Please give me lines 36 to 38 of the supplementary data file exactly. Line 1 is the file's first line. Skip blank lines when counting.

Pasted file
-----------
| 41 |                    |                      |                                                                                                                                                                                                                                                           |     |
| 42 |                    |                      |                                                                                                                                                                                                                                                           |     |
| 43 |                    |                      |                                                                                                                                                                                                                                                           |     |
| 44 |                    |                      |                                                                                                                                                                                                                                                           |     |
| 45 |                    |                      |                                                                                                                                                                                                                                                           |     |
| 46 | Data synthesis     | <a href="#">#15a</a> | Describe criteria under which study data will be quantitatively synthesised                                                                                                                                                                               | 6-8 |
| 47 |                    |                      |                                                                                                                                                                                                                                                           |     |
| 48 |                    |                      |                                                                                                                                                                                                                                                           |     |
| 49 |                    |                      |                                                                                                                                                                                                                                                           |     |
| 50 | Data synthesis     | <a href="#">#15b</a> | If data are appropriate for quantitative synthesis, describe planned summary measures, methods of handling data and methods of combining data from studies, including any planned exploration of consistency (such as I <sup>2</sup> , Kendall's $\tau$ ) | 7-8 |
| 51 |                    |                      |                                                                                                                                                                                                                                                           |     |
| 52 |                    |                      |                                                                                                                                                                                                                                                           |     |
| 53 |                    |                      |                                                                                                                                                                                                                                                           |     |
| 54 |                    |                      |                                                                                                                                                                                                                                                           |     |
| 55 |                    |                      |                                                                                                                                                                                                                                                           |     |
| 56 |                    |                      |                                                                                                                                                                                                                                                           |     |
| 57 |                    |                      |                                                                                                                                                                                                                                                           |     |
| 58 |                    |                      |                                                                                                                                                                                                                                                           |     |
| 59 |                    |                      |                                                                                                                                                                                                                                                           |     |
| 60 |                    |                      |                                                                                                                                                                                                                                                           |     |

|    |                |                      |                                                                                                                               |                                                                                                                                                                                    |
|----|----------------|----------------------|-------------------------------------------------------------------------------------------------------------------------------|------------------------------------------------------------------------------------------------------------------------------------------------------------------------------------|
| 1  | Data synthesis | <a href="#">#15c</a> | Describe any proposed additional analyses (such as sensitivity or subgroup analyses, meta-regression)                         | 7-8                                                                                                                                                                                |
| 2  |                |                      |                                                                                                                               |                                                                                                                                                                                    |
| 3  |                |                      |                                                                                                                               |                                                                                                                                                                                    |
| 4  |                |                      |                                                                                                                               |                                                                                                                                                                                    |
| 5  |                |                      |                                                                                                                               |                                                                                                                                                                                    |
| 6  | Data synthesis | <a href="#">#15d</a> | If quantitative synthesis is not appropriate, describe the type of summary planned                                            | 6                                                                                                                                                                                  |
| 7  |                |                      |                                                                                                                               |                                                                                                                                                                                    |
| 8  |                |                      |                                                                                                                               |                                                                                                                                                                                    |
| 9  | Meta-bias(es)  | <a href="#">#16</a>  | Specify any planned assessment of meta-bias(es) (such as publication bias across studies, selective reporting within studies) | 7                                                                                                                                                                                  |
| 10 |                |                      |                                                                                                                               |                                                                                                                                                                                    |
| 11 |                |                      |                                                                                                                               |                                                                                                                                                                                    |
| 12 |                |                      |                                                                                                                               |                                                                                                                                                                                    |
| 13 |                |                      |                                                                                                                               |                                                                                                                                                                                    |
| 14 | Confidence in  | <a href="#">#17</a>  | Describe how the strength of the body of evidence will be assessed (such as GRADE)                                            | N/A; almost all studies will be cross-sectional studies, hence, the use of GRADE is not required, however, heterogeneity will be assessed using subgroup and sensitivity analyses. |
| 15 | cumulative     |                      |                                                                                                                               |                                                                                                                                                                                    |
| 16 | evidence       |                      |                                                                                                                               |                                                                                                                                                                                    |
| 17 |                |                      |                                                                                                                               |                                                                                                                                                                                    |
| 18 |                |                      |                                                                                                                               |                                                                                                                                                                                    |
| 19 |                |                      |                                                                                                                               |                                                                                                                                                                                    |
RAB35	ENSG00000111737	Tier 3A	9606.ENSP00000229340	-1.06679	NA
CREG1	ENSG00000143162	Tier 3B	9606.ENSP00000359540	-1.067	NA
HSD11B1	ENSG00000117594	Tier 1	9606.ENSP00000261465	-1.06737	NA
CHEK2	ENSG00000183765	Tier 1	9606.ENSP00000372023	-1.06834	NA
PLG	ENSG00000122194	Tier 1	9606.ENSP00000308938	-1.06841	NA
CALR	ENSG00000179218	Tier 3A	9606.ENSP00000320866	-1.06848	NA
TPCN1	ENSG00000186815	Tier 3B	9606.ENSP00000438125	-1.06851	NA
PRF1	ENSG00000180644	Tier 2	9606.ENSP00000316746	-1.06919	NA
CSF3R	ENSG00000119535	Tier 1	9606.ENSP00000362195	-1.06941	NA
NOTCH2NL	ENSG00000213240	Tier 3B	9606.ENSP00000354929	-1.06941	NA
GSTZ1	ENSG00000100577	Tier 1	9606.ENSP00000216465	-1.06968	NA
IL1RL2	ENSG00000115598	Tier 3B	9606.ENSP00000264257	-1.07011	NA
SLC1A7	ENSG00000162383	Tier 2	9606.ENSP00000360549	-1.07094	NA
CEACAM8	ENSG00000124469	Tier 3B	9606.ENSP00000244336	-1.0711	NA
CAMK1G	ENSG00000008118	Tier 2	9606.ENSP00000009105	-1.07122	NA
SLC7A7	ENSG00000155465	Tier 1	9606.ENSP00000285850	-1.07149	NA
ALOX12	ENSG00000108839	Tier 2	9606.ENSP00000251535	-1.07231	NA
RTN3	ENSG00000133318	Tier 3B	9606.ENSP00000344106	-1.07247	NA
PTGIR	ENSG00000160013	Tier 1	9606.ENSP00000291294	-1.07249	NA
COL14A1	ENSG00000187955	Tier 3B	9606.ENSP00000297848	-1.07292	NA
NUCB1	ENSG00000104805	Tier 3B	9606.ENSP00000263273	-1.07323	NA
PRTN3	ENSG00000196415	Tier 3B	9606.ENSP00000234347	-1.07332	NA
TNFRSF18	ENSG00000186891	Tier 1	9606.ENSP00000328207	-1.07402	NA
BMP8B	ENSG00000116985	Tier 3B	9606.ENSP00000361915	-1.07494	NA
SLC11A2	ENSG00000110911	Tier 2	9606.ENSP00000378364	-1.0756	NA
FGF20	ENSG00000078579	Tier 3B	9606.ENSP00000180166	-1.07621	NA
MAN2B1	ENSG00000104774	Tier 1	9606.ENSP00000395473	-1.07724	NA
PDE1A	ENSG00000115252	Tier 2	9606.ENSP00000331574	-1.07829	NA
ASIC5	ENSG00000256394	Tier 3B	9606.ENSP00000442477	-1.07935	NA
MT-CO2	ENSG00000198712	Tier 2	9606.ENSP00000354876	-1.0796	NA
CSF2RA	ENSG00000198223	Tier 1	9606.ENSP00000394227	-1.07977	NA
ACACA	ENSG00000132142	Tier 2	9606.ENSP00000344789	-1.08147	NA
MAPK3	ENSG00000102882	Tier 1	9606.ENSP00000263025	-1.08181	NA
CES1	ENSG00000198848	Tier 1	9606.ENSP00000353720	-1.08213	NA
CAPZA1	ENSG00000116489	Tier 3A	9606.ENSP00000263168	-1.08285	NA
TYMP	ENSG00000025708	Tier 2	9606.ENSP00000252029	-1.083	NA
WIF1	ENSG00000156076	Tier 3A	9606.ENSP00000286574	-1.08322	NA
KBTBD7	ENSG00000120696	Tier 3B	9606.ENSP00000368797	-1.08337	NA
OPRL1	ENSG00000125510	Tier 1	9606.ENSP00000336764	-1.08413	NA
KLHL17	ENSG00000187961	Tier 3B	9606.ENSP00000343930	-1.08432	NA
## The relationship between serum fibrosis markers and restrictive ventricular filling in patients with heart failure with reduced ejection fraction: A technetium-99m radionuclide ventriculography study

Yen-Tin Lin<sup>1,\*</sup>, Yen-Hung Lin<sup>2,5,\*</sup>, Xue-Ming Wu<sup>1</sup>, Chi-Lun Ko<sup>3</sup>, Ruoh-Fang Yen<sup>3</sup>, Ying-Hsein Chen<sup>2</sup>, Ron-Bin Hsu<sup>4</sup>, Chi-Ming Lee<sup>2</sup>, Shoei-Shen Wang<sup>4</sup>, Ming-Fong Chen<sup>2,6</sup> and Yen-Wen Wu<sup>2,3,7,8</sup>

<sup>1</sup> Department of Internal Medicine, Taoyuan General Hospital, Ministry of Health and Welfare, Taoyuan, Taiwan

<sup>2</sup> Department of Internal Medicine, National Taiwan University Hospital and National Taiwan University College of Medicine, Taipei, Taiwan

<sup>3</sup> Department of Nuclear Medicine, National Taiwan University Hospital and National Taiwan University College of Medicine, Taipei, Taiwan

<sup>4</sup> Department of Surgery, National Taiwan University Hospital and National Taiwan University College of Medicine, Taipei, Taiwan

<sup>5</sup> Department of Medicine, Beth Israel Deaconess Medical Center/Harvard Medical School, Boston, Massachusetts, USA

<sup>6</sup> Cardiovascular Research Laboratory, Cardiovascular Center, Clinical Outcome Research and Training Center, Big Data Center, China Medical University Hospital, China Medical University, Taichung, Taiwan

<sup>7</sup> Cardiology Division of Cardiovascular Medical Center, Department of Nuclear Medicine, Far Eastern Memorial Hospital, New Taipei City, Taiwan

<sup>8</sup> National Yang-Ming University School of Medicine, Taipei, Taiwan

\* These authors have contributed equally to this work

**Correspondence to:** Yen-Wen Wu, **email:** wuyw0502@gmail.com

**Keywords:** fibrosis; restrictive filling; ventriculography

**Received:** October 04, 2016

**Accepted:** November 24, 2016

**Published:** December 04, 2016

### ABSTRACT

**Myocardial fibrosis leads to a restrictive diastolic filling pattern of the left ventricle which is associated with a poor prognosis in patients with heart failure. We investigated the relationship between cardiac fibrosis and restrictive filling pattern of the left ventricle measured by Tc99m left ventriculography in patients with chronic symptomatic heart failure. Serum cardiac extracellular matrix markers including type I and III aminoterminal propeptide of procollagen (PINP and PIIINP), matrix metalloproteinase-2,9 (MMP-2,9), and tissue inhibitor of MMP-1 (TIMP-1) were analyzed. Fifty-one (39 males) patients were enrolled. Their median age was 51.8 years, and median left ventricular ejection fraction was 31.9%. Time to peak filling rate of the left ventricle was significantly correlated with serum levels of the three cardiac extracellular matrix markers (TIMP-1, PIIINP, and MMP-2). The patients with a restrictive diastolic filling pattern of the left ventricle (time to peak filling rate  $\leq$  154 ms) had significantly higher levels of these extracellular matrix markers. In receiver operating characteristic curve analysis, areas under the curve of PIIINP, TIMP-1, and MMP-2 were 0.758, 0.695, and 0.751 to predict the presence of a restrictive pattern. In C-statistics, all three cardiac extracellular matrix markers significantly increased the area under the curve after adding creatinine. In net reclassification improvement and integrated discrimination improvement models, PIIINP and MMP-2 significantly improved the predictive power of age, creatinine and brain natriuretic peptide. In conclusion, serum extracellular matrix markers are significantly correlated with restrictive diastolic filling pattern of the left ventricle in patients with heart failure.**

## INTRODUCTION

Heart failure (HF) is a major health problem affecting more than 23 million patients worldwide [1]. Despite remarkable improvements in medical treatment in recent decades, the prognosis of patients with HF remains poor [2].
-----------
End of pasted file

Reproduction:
| 14 | Confidence in  | <a href="#">#17</a>  | Describe how the strength of the body of evidence will be assessed (such as GRADE)                                            | N/A; almost all studies will be cross-sectional studies, hence, the use of GRADE is not required, however, heterogeneity will be assessed using subgroup and sensitivity analyses. |
| 15 | cumulative     |                      |                                                                                                                               |                                                                                                                                                                                    |
| 16 | evidence       |                      |                                                                                                                               |                                                                                                                                                                                    |